Regenerative Thinking for Social Change

April 16, 2015 3 Comments

“Look well to the growing edge. All around us worlds are dying and new worlds are being born; all around us life is dying and life is being born. The fruit ripens on the tree, the roots are silently at work in the darkness of the earth against a time when there shall be new leaves, fresh blossoms, green fruit. Such is the growing edge.”

Howard Thurman

Spiral Fern

Spring seems to have finally arrived in New England after a long and very hard winter. For me this brings with it gratitude and utter amazement at the regenerative power of life. To have seen the mounds of snow and ice only a month ago, and along with it many frozen hearts and souls, I find it amazing as I watch the colors and sounds and spirit of this new season come forward with what almost feels like reckless abandon. Such is life and its regenerative nature, the ever present “growing edge.”

This is cause for me to reground in the teachings of mentors I’ve had who have introduced me to the power of “regenerative thinking,” an approach that aligns with a living systems view of life. Regenerative thinking can stand in contrast to mechanical approaches, which assume a rather linear, predictable and controlled environment. The very notion of regeneration is an invitation to examine some of the underlying assumptions of our actions, to lift up for closer inspection how our thinking may or may not be in alignment with what we are really after, what we are trying to bring to life, in the realm of social change.

With a bow of appreciation to Carol Sanford, Pamela Mang and Joel Glanzberg, here are a few offerings in the form of questions that may help to locate where our minds are and if this is where we want them to be:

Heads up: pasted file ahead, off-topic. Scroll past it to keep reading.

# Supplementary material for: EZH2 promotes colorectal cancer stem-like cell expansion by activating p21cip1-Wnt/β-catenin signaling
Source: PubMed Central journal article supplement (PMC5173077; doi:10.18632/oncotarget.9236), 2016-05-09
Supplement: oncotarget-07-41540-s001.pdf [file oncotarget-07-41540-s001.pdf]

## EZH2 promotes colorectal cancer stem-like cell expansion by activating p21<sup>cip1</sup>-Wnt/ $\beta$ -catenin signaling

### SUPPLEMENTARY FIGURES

• Are we looking at parts and pieces OR are we working from wholes? In mechanical systems you can swap and replace parts/pieces in more generic ways. Not so much in living systems. Wholes are much more than the sum of their component elements and demand an understanding of and respect for their unique essence.
  • Are we trying to arrest disorder OR are we trying to enliven/support evolution? Mechanical systems tend to run down over time. Living systems evolve as long as energy continues to cycle through them. Only trying to stop entropy or perceived chaos, can be a fruitless and damaging approach with living systems when we close them to inputs and flows.
  • Are we leading with generics and abstraction OR are we trying to ground in what is? Living systems are complex and unique, and not prone to responding to “best practices” or prescriptions. Abstraction quickly leads to an inability to intelligently respond to and work with living systems.
  • Are we trying to eliminate or minimize difference OR are we embracing it? Difference and diversity is the life blood of living systems, facilitating exchange and adaptation. Mechanical systems prefer predictability and therefore strive to reduce difference. Reducing difference and diversity in living systems robs them of their vitality. Difference is often seen as unhelpful restraint in mechanical systems. In living systems, this is what leads to emergence.
  • Are we trying to control the system OR are we trying to support self-organization?  Command and control is the essence of mechanical systems, an effort to fight entropy and keep things humming along predictably. Living systems thrive on the impulse to self-organize. This requires a different kind of “change management,” one that supports people and groups to “do what they do best and connect to the rest.”

Welcoming your thinking on any of this and how it connects to what you are trying to make happen . . .

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